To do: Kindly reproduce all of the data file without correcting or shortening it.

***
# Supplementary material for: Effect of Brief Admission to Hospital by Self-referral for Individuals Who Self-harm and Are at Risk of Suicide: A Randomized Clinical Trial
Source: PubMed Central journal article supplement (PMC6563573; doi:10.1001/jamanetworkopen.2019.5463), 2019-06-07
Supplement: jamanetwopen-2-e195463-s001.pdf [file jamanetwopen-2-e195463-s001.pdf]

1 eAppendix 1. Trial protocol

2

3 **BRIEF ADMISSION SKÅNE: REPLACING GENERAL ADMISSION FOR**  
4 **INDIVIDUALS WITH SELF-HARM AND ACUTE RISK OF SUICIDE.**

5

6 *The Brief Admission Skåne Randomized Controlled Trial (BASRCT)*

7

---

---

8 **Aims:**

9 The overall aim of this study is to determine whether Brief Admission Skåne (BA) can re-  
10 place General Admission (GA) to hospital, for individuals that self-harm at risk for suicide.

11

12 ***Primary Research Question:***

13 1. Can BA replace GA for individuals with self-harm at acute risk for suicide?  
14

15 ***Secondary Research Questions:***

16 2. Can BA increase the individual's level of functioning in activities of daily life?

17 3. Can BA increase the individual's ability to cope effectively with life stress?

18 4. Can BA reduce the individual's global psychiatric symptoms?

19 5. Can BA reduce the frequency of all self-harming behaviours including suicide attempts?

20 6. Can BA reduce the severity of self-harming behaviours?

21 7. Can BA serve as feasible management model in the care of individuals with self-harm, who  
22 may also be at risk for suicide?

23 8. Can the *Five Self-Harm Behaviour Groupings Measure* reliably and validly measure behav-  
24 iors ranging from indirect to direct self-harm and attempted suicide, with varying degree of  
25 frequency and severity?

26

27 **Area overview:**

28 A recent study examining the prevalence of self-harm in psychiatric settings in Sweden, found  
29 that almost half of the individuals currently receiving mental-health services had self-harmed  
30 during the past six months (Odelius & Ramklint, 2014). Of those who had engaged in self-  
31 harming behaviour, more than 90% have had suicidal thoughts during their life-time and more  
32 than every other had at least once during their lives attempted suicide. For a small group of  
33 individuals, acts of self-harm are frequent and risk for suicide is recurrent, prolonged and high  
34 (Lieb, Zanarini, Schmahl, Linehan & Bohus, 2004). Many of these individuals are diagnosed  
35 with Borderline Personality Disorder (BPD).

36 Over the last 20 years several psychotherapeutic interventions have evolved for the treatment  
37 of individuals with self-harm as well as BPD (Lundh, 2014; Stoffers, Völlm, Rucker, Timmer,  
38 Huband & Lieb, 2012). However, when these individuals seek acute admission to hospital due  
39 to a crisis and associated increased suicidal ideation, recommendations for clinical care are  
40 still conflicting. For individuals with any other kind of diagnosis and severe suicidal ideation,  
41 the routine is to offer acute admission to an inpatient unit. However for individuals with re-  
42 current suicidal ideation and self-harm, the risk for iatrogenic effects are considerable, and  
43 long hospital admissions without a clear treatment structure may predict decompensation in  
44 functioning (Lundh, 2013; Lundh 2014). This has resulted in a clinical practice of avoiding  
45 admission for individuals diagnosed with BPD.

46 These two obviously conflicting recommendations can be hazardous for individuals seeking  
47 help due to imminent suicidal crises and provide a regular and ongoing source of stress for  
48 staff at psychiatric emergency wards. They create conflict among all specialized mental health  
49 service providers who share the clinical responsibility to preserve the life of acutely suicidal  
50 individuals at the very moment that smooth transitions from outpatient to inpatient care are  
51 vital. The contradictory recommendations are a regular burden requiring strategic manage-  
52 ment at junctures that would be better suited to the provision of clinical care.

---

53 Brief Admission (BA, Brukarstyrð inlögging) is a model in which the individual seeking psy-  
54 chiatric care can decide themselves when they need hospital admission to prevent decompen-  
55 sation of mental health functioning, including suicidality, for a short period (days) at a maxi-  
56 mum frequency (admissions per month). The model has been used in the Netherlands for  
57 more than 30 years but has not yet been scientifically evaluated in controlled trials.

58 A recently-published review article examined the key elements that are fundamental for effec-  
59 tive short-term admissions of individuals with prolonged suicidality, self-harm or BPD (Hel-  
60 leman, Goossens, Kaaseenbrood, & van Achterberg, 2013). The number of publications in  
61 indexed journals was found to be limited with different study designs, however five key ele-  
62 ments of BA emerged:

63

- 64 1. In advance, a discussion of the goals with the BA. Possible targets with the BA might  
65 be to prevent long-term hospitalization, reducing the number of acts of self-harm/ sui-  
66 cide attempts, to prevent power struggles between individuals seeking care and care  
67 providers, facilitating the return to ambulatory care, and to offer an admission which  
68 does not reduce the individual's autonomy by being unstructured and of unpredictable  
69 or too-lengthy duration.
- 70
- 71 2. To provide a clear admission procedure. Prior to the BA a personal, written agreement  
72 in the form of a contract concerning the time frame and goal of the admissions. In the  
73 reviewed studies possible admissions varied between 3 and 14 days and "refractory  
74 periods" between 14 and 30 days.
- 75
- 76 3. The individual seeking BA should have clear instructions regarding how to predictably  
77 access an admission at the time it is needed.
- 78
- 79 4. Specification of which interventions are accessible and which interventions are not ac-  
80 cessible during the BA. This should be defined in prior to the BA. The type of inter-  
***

# Supplementary material for: Effect of Brief Admission to Hospital by Self-referral for Individuals Who Self-harm and Are at Risk of Suicide: A Randomized Clinical Trial
Source: PubMed Central journal article supplement (PMC6563573; doi:10.1001/jamanetworkopen.2019.5463), 2019-06-07
Supplement: jamanetwopen-2-e195463-s001.pdf [file jamanetwopen-2-e195463-s001.pdf]

1 eAppendix 1. Trial protocol

2

3 **BRIEF ADMISSION SKÅNE: REPLACING GENERAL ADMISSION FOR**  
4 **INDIVIDUALS WITH SELF-HARM AND ACUTE RISK OF SUICIDE.**

5

6 *The Brief Admission Skåne Randomized Controlled Trial (BASRCT)*

7

---

---

8 **Aims:**

9 The overall aim of this study is to determine whether Brief Admission Skåne (BA) can re-  
10 place General Admission (GA) to hospital, for individuals that self-harm at risk for suicide.

11

12 ***Primary Research Question:***

13 1. Can BA replace GA for individuals with self-harm at acute risk for suicide?  
14

15 ***Secondary Research Questions:***

16 2. Can BA increase the individual's level of functioning in activities of daily life?

17 3. Can BA increase the individual's ability to cope effectively with life stress?

18 4. Can BA reduce the individual's global psychiatric symptoms?

19 5. Can BA reduce the frequency of all self-harming behaviours including suicide attempts?

20 6. Can BA reduce the severity of self-harming behaviours?

21 7. Can BA serve as feasible management model in the care of individuals with self-harm, who  
22 may also be at risk for suicide?

23 8. Can the *Five Self-Harm Behaviour Groupings Measure* reliably and validly measure behav-  
24 iors ranging from indirect to direct self-harm and attempted suicide, with varying degree of  
25 frequency and severity?

26

27 **Area overview:**

28 A recent study examining the prevalence of self-harm in psychiatric settings in Sweden, found  
29 that almost half of the individuals currently receiving mental-health services had self-harmed  
30 during the past six months (Odelius & Ramklint, 2014). Of those who had engaged in self-  
31 harming behaviour, more than 90% have had suicidal thoughts during their life-time and more  
32 than every other had at least once during their lives attempted suicide. For a small group of  
33 individuals, acts of self-harm are frequent and risk for suicide is recurrent, prolonged and high  
34 (Lieb, Zanarini, Schmahl, Linehan & Bohus, 2004). Many of these individuals are diagnosed  
35 with Borderline Personality Disorder (BPD).

36 Over the last 20 years several psychotherapeutic interventions have evolved for the treatment  
37 of individuals with self-harm as well as BPD (Lundh, 2014; Stoffers, Völlm, Rucker, Timmer,  
38 Huband & Lieb, 2012). However, when these individuals seek acute admission to hospital due  
39 to a crisis and associated increased suicidal ideation, recommendations for clinical care are  
40 still conflicting. For individuals with any other kind of diagnosis and severe suicidal ideation,  
41 the routine is to offer acute admission to an inpatient unit. However for individuals with re-  
42 current suicidal ideation and self-harm, the risk for iatrogenic effects are considerable, and  
43 long hospital admissions without a clear treatment structure may predict decompensation in  
44 functioning (Lundh, 2013; Lundh 2014). This has resulted in a clinical practice of avoiding  
45 admission for individuals diagnosed with BPD.

46 These two obviously conflicting recommendations can be hazardous for individuals seeking  
47 help due to imminent suicidal crises and provide a regular and ongoing source of stress for  
48 staff at psychiatric emergency wards. They create conflict among all specialized mental health  
49 service providers who share the clinical responsibility to preserve the life of acutely suicidal  
50 individuals at the very moment that smooth transitions from outpatient to inpatient care are  
51 vital. The contradictory recommendations are a regular burden requiring strategic manage-  
52 ment at junctures that would be better suited to the provision of clinical care.

---

53 Brief Admission (BA, Brukarstyrð inlögging) is a model in which the individual seeking psy-  
54 chiatric care can decide themselves when they need hospital admission to prevent decompen-  
55 sation of mental health functioning, including suicidality, for a short period (days) at a maxi-  
56 mum frequency (admissions per month). The model has been used in the Netherlands for  
57 more than 30 years but has not yet been scientifically evaluated in controlled trials.

58 A recently-published review article examined the key elements that are fundamental for effec-  
59 tive short-term admissions of individuals with prolonged suicidality, self-harm or BPD (Hel-  
60 leman, Goossens, Kaaseenbrood, & van Achterberg, 2013). The number of publications in  
61 indexed journals was found to be limited with different study designs, however five key ele-  
62 ments of BA emerged:

63

- 64 1. In advance, a discussion of the goals with the BA. Possible targets with the BA might  
65 be to prevent long-term hospitalization, reducing the number of acts of self-harm/ sui-  
66 cide attempts, to prevent power struggles between individuals seeking care and care  
67 providers, facilitating the return to ambulatory care, and to offer an admission which  
68 does not reduce the individual's autonomy by being unstructured and of unpredictable  
69 or too-lengthy duration.
- 70
- 71 2. To provide a clear admission procedure. Prior to the BA a personal, written agreement  
72 in the form of a contract concerning the time frame and goal of the admissions. In the  
73 reviewed studies possible admissions varied between 3 and 14 days and "refractory  
74 periods" between 14 and 30 days.
- 75
- 76 3. The individual seeking BA should have clear instructions regarding how to predictably  
77 access an admission at the time it is needed.
- 78
- 79 4. Specification of which interventions are accessible and which interventions are not ac-  
80 cessible during the BA. This should be defined in prior to the BA. The type of inter-  